This seemed like a good place to start so I re-seated the connector and used octoprint to generate my own graph:

No erratic readings, the temp would drop off and then start heating back up.

The problem ended up being the connection between the terminal lug and the wire on the heater in the hotend. To fix this, I cut off the crimp lug and stripped away some insulation. I put this into the screw terminal block. I’ve done a couple of prints and had no issues after making this modification.

Automatically run Electron application at reboot on Raspberry Pi

Here is a quick  way to have an application built on electron run at boot on a Raspberry Pi. This worked for me running Raspian Stretch with Desktop.

Edit /home/pi/.config/lxsession/LXDE-pi/autostart with nano:

Add the following line:

The file should now look somewhat like this:

Save and exit nano and reboot. Your app should open after the desktop environment loads. Yay!

If you want to be able to get access to the terminal output of your application, install screen with:

And then swap:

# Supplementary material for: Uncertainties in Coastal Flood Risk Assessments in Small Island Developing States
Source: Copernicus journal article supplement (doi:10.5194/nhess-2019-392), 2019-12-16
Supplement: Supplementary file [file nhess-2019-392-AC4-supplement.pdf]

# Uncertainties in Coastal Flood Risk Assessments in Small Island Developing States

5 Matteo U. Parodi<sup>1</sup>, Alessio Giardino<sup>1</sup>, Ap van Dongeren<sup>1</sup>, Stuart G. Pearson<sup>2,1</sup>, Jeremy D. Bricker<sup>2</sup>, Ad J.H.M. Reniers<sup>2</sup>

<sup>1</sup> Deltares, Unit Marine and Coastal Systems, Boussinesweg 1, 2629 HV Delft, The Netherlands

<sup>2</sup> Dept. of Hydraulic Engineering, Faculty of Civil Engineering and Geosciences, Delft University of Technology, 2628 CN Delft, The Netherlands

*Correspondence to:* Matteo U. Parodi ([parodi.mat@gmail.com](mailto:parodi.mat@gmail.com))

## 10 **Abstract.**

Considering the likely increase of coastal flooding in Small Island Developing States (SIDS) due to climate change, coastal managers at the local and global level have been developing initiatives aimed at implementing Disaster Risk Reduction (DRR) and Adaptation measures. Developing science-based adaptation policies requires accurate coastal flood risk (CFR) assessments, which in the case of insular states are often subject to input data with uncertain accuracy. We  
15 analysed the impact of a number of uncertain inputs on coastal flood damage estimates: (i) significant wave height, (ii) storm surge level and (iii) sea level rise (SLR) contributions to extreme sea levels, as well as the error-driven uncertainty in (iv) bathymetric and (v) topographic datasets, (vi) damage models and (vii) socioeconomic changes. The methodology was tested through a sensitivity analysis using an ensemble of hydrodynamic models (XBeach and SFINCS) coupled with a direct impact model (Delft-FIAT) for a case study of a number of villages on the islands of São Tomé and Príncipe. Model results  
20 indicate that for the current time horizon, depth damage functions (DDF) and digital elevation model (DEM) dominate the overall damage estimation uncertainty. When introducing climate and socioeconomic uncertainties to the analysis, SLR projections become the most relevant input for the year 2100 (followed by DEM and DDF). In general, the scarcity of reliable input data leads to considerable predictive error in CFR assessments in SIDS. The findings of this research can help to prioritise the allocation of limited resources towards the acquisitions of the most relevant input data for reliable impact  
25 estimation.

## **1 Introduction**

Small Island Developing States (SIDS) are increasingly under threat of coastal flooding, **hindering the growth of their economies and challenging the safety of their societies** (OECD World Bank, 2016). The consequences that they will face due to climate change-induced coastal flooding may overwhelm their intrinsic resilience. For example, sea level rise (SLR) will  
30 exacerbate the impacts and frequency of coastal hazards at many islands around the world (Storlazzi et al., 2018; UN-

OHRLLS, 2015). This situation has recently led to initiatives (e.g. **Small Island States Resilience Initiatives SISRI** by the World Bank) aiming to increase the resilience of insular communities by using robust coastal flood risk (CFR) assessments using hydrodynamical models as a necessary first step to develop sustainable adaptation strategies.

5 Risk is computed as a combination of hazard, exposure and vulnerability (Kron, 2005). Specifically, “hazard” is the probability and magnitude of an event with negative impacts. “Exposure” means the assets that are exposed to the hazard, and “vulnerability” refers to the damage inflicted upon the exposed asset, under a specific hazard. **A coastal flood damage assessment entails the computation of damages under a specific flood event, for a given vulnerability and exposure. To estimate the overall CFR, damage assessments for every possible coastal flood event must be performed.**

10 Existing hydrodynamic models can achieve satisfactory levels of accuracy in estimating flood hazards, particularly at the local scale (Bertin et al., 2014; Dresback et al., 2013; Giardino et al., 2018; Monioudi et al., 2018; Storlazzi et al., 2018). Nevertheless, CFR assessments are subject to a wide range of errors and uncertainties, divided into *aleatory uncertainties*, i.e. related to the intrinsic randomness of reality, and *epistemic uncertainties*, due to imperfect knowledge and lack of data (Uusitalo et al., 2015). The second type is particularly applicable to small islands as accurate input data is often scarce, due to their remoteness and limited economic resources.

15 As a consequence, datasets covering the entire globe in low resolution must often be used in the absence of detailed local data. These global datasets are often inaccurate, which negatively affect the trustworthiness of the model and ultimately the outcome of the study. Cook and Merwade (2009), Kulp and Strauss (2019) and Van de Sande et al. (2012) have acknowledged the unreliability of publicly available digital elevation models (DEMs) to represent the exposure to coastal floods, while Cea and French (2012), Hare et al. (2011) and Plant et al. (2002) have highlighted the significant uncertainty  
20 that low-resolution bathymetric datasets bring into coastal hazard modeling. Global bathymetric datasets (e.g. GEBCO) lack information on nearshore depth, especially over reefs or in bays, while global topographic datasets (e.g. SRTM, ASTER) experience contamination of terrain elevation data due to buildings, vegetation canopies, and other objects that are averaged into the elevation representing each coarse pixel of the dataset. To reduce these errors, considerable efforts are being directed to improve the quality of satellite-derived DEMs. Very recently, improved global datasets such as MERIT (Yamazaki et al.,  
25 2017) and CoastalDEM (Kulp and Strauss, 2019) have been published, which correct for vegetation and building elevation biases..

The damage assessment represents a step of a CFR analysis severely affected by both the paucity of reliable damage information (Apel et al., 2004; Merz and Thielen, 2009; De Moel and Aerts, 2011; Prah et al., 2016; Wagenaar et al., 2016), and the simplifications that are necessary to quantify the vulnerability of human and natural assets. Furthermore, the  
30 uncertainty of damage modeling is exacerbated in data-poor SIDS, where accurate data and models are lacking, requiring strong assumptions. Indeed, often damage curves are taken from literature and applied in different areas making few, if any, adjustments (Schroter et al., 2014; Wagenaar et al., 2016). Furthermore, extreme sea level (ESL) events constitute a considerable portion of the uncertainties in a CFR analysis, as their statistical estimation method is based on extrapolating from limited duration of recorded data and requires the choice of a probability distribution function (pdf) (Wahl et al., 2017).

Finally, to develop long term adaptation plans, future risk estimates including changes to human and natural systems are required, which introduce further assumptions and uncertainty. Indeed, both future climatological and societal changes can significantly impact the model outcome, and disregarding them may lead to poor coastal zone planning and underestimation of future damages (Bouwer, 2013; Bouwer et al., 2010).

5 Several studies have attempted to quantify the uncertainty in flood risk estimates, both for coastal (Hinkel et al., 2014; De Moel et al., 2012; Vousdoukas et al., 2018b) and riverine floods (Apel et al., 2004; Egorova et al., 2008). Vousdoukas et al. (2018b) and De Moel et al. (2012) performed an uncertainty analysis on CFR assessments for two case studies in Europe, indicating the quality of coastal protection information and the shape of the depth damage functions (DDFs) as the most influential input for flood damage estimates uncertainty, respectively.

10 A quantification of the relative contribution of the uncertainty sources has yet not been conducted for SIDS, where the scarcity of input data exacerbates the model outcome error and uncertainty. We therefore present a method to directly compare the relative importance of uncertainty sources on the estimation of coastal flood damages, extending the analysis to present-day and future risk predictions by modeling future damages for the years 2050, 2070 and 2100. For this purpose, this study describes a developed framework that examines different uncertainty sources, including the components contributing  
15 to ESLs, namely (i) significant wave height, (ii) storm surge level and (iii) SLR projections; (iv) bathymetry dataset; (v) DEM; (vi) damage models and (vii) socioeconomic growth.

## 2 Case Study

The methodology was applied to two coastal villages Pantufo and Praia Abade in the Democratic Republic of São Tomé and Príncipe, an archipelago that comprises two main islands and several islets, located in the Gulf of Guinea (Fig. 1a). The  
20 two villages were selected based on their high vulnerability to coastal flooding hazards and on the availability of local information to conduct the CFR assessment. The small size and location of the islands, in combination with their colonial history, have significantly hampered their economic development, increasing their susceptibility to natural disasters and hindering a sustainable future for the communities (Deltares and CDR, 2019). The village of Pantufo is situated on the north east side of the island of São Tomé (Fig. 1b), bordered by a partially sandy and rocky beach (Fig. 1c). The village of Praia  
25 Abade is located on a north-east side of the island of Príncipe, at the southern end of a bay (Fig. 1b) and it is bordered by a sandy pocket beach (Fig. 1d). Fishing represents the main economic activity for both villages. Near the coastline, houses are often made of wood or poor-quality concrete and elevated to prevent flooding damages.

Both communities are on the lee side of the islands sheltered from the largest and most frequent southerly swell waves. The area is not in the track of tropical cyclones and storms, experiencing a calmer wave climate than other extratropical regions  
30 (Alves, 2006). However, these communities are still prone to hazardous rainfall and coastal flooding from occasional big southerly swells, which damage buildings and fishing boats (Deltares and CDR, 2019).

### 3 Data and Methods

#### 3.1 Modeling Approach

In the above code snippets.

After the pi boots, you can run screen -list to see what screens are available to attach to then attach to yours with screen -r yourscreen. Here’s an example:

Press enter, and then see your terminal output.
For more info on how to use screen, check out this link:

CHAMP: Compliant Hook Arboreal Mobility Platform (Senior Thesis Project)

For my senior thesis project at WPI, myself and two colleagues (Rachael Putnam – RBE/ME and Mead Landis – RBE/ME) designed a tree climbing robot. I was in charge of designing and implementing the electronics and controls software. I was the most intense project I have ever worked on, both in terms of difficulty and potential impact. Here is our poster for project presentation day:

Here’s a video of the prototype climbing:

We did a blog during the project, here is the best post I wrote:

The report is massive, check it out below:



Find distance between two zipcodes, dump the result in an excel file

I recently wrote a piece of software for a friend working on a project, you can find it on github here. The following is from the


This is a command line utility to automatically calculate the distance between two zipcodes and then put the results in an excel (.xlsx) file. It works for US postal codes only.

It was developed to help a colleague and is very application-specific.


Downloading is easy git, which is already on most systems, on ubuntu use:

For everyone else: